Exploring War Through Fiction: The Truth Doesn’t Say Everything

And why war veterans today are more open about their experiences than veterans of wars past.

By Alain StephensFebruary 13, 2017 11:00 am| ,

Nearly 16 years ago, the United States plunged itself into a new kind of war, a war not against a single target or state, but against an ideology: a war against terror. Since the U.S. government made that declaration, countless U.S. troops have been exposed to war and everything – both good and bad – that it has to offer. One soldier summarized it this way:

“Going to war is the great expedition, a journey that changes the traveler in ways that could not have been imagined. Travel is broadening, they say, and so it is. In this case, it’s deepening, too, and wounding and painful, also breathtaking and expanding. Who can say how the soul will react?”

That is an excerpt from “The Road Ahead: Stories from the Forever War”. It’s a fiction anthology of war, written mainly by those who served overseas. Twenty-four authors contributed stories to the book, five of which were women.

Alex Horton, San Antonio-based reporter for Stars and Stripes and former army infantryman, and Brandon Caro, Austin-based writer and former navy corpsman, also have stories in the book.

With so many non-fiction accounts of modern warfare, Horton says a question he gets a lot is why the book’s authors took a fictional angle to discussion the trials and tribulations of war.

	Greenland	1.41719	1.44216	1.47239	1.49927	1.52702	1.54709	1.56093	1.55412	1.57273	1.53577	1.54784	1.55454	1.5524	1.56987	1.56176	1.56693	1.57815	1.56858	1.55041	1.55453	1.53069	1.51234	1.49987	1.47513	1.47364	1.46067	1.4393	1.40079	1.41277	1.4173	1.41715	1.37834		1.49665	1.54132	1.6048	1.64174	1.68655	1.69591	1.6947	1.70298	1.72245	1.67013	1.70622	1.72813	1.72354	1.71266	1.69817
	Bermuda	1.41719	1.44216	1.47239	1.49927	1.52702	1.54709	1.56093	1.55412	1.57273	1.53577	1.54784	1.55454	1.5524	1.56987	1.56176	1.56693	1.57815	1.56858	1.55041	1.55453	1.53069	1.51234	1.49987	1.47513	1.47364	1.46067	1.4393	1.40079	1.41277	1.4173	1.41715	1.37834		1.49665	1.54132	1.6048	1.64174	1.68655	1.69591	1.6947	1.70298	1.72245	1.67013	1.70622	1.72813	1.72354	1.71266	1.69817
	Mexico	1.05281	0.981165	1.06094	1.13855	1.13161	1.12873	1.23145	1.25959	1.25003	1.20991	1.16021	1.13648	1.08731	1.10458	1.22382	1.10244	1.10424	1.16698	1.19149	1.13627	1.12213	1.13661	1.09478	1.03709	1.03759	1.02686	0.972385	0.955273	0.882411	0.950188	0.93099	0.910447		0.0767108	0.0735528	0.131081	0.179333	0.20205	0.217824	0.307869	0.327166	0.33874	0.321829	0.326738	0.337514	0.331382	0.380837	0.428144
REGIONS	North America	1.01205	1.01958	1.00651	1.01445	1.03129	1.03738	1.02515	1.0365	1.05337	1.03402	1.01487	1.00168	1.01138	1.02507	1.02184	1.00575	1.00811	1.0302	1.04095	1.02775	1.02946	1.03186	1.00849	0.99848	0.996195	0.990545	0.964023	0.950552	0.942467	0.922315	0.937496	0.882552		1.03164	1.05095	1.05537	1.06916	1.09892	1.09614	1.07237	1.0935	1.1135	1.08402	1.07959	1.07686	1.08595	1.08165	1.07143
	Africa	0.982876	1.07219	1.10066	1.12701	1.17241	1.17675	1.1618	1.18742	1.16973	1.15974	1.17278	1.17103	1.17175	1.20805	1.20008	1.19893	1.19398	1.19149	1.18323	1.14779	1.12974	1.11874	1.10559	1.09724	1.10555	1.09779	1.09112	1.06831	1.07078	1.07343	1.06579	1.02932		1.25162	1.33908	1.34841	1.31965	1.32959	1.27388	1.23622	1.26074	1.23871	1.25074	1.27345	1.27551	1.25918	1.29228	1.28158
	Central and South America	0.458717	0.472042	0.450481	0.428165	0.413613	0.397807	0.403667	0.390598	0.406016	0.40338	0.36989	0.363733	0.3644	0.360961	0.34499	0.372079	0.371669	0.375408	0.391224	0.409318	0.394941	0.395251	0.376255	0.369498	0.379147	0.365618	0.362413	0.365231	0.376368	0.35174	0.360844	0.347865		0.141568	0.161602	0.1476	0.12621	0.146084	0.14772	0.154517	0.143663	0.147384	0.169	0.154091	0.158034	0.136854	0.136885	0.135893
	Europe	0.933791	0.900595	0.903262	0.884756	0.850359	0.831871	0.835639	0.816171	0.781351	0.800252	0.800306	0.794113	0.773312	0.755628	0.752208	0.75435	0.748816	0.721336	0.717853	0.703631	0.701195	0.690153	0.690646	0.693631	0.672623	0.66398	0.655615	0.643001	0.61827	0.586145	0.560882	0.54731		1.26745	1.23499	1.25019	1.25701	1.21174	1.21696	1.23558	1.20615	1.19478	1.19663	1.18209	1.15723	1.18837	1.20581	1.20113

“Sometimes the truth doesn’t say everything we want,” Horton says. “Certain allegories, certain stories and certain themes need to emerge from it for anyone to learn and sometimes that’s just not enough.”

On why Horton and Caro wrote their stories:

Horton: “I don’t see writing as quite as therapeutic or to reshuffle all the experiences I’ve had. I don’t think that’s what I use it for. At the same time, I think that there’s a lot of unanswered questions and perspectives that are not seen. We’ve been at war for over 15 years now, but there’s still a general feeling among the public of ‘What was that? … What was done on behalf of our country?’”

Caro: “These wars have been fought by a very very small segment of the population. By and large, most people – or many many people – have no connection, no actual connection to this war and it’s completely in the abstract.”

On the openness of war veterans today version the tight-lipped veterans of the past:

Caro: “I think our society has opened up since the World War II era and has become perhaps more open and more receptive. … I feel as though men from World War II – and I actually know a Korean War veteran – they were a bit more stoic and society really demanded that of them at the time, so perhaps this more willingness to speak openly and frankly is the result of our society changing.”

Horton: “You just look at our generation, where the Facebook, the Twitter, the pouring your heart out online … maybe some of it is oversharing, but I think our society is more attuned to what do individuals think. Not just the collective American Spirit.”

On the public’s perception of the War on Terror:

Caro: “The average citizen doesn’t really understand what’s going on. So I think our experience is characterized by a real disconnect from the actual fighting on the part of the population.”

Horton: “The wars are embedded in the consciousness of Americans insofar as it is something that’s there but almost invisible. You forgot that it’s even happening. … It’s that ambient noise that shows through in certain places. … I think there’s a reluctance and an exhaustion on part of the American people to really wrap their heads around it.”

Written by Beth Cortez-Neavel.